In this one-and-a-half-day event, artists will join academic and community scholars to explore ideas about Oscar Howe’s life and legacy introduced in the Dakota Modern exhibition and book. Speakers will discuss the role of cultural values in Howe’s practice as well as his art in relation to American and international politics. Other topics include the impact of Howe’s work as an educator through the summer workshop for Native students he founded, and the ongoing expression of his legacy through the work of Dakota and Lakota artists today.
Bill Anthes is the author of the books Native Moderns: American Indian Painting, 1940–1960, and Edgar Heap of Birds, both published by Duke University Press, and the co-editor, with Kathleen Ash-Milby, of the catalog for the exhibition, Dakota Modern: The Art of Oscar Howe, published by the Smithsonian Institution National Museum of the American Indian. He has received fellowships and awards from the Georgia O’Keeffe Museum Research Center, the Center for the Arts in Society at Carnegie Mellon University, the Rockefeller Foundation/Smithsonian Center for Folklife and Cultural Heritage, and the Creative Capital/Warhol Foundation Arts Writers Grant Program. He teaches at Pitzer College in Claremont, California.
Roger Broer (Oglala Lakota) is an artist who paints directly and in modified versions of the monotype, a printmaking technique using oil paints instead of printer’s inks and a Plexiglas plate in place of the press, hand burnishing for greater control. Broer has won numerous awards including at SWAIA Art Market. His work is held in private, corporate, and public collections, including the US Department of Interior, Washington, DC and MONA in Kearney, NE, ATKA Lakota Museum and Red Cloud Heritage Museum in South Dakota. Broer earned a Bachelor of Arts degree from Eastern Montana College (now University of Montana, Billings) and did graduate work at Central Washington University. He has been the invitational artist at several prestigious events and has served as a juror and on acquisition boards for museums and shows in South Dakota, Oklahoma, Washington, along with numerous lectures, workshops, residencies, boards and consultancies.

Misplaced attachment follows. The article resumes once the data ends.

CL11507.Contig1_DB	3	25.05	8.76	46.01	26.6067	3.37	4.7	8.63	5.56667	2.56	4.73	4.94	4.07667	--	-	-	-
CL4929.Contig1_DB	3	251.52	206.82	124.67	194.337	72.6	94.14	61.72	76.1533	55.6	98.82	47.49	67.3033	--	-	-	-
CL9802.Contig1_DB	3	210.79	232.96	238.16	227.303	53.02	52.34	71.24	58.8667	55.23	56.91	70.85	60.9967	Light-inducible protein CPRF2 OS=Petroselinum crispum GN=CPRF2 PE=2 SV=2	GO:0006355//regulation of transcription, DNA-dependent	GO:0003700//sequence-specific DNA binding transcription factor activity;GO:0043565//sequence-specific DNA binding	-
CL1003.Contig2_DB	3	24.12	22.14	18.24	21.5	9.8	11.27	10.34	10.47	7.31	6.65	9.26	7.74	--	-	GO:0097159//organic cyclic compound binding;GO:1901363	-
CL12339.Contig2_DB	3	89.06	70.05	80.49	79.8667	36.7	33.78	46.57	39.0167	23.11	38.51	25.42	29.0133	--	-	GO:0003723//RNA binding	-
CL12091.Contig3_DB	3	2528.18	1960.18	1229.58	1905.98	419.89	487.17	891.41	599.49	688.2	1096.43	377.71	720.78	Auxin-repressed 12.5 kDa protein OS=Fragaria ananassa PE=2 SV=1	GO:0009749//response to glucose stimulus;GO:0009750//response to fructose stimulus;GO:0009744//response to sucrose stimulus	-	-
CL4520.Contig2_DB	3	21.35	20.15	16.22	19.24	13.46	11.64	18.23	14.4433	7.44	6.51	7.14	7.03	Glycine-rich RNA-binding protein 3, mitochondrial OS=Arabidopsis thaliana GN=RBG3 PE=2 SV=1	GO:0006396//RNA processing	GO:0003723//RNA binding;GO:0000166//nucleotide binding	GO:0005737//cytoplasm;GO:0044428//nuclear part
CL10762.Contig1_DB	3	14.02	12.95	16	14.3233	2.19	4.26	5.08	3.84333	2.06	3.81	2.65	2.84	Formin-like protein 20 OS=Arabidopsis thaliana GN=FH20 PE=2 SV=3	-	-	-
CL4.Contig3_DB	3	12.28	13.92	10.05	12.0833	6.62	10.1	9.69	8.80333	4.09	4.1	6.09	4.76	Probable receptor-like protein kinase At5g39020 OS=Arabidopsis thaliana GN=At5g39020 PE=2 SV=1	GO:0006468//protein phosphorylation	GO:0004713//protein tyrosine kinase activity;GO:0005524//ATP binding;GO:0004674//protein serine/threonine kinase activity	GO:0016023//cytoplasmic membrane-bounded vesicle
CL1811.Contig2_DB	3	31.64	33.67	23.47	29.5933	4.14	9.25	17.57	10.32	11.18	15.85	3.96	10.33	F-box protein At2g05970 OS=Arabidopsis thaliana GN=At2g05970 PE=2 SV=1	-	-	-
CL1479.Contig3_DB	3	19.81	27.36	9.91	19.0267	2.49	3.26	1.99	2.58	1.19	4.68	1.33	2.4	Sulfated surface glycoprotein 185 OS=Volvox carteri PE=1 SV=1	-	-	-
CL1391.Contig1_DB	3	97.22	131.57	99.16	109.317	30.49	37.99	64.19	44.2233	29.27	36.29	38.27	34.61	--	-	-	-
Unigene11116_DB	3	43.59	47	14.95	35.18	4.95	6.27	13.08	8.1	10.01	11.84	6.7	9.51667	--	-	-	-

Christina E. Burke is an independent curator based in Tulsa, Oklahoma whose work focuses on Native stories told through Indigenous art, language, and cultural traditions. Since 1988 she has worked with Native art and artists at the Smithsonian Institution, the Heritage Center at Red Cloud Indian School on the Pine Ridge Reservation, and for more than 16 years at Philbrook Museum of Art in Tulsa. While Curator at Philbrook, Christina helped acquire three major collections and many strategic purchases; curated temporary exhibitions including Impact: The Philbrook Indian Annual, 1946-1979 (2014); and developed long-term installations drawing from the museum’s extensive and diverse Native American object and archival collections. She also helped organize such traveling exhibitions as Hearts of Our People: Native Women Artists (2019-2021) and Dakota Modern: The Art of Oscar Howe (2022-2023).
Gerald Cournoyer (Oglala Sioux Tribe), from Marty, South Dakota, is a painter known for his acrylic work on canvas. Utilizing traditional geometric designs, shapes, and colors he explores a depth of meaning in traditional Lakota spirituality. His design repetition mirrors his physical and ceremonial creative process. He holds a Master of Fine Arts from the University of Oklahoma and Master’s in Non-Profit Arts Management from Goucher College (Towson, MD). He is currently pursuing a Master’s degree in Philanthropy and Funding at Central Michigan University. Born and raised in Marty, South Dakota, Cournoyer is also the Tribal Arts Instructor at United Tribes Technical College who has blended his cultural and artistic backgrounds to connect with his students throughout his nearly 30-year career.
Jhon Goes in Center (Oglala Lakota) is a cultural creative, Lakota art and culture educator, mentor and art servant. He was raised on the Pine Ridge Sioux Reservation and completed higher education in Museum Studies at the University of Colorado. He is silversmith and works in traditional Lakota art mediums including wood and pipestone carving, hide tanning, beadwork, and porcupine quillwork, as well as traditional dancing and regalia creation. He has served on the Boards of the Denver Art Museum and South Dakota Art Museum. Other art related service includes a tenured Advisory role for the Red Cloud Heritage Center. Additional opportunities have included commissions, exhibitions, consultations, lectures, and curatorial work at various cultural institutions. Goes In Center resides near his birthplace in Rapid Creek and maintains his creativity and the art of personal adornment in his studio at the Racing Magpie Gallery in Rapid City, South Dakota.